There’s a lot you can learn about your competitors based on their public paperwork filings. This is an area of research that a lot of people simply never take the time to look into. You can often figure out exactly what your competitors are working on, what their past results have been and what problems they may be having – all based on public record information.
==> Patent and Trademark Filings
You can look into all the patents and trademarks that a company holds or is filing for.
This can give you some very valuable information about the direction a company is planning to head in.
For example, if an online competitive research firm starts filing trademarks and patents for technologies designed to research radio or television, there’s a very good chance they’re about to break into a new market.
This could allow you to check out the new potential market and see if you’re also interested.
==> Legal Proceedings
Every company gets sued at some point. In fact, most large companies get sued several times a year. Some companies can deal with literally hundreds of lawsuits every year.
Whenever documents are disclosed in these lawsuits, they often become public record.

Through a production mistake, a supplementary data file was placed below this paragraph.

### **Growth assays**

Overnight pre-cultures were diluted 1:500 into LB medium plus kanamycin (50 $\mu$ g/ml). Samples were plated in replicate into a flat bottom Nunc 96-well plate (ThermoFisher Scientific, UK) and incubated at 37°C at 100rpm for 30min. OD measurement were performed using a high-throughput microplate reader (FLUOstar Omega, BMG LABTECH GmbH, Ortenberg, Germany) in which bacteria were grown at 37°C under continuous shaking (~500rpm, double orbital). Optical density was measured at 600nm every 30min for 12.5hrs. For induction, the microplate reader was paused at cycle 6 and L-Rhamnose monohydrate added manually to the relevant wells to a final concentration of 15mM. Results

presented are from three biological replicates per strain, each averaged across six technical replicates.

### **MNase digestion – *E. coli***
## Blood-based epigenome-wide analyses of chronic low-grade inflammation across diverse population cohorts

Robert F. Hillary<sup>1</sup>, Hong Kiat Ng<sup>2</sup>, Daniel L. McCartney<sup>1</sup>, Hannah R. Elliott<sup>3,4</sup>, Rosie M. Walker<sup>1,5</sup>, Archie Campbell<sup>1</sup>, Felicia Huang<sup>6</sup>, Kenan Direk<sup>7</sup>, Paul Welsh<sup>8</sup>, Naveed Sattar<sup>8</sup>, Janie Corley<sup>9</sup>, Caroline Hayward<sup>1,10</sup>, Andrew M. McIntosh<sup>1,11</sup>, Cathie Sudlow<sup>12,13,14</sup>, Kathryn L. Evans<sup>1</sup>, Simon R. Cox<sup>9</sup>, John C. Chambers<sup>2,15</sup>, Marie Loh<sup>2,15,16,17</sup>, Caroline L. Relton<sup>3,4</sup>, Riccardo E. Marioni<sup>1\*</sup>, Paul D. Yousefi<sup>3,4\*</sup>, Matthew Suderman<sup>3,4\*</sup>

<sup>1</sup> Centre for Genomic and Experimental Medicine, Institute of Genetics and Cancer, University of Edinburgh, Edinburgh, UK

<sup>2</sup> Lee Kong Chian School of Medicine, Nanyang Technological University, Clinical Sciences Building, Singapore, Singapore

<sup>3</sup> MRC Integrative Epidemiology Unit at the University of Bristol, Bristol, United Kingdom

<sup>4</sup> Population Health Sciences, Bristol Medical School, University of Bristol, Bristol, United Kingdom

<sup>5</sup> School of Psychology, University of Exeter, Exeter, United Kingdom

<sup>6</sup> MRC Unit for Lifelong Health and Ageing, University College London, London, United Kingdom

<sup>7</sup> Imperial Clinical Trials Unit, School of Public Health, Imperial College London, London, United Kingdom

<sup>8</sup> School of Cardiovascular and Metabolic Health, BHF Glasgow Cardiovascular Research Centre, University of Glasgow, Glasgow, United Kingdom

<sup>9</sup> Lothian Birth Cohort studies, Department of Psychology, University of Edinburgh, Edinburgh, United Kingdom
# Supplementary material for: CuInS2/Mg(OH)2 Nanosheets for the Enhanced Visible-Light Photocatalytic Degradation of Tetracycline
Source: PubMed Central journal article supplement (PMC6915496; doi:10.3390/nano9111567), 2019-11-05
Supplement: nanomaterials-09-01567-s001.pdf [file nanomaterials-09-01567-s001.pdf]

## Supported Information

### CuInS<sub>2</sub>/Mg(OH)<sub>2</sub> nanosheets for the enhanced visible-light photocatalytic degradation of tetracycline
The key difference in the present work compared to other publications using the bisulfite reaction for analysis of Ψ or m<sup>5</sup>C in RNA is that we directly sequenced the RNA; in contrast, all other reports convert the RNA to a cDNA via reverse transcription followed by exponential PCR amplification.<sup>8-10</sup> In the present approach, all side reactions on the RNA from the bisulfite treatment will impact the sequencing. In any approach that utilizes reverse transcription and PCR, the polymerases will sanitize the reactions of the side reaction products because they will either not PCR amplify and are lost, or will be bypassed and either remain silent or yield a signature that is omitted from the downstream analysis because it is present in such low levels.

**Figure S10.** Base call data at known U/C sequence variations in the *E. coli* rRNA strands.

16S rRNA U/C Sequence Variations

If your competitor has to disclose financial information to prove they didn’t do something wrong for example, that financial information becomes public. Most people won’t think to look, but if you pull up those records, you’ll be able to instantly see how well or how poorly your competitor is doing.
==> Information on Staff
Some tax information is public, some is private. For many companies, you can learn quite a bit about their staff based on filings available to the public at the tax assessor’s office.
==> Architectural Blueprints
Another useful piece of information you can get is building blueprints. This is completely open to the public.
For some companies, this wouldn’t matter at all. However, for others, it makes a huge difference. If your competition is a server hosting company for instance, you can learn a lot about their server setup based on how they laid out their building.
==> Public Companies
If your competition is a public company or a subsidiary of a public company, you’ve struck public filing payday.
Public companies have to file detailed reports about all their earnings and expenses. You can also see where the company might be heading in the future, as well as specific breakdowns of how they’ve used their capital.
Doing competitive research often involves doing a little digging. If this information were easy to find, everyone would be doing it. If you’re willing to put in a little bit of extra effort, you’ll be able to walk away with a treasure trove of useful information that you can use against your competition.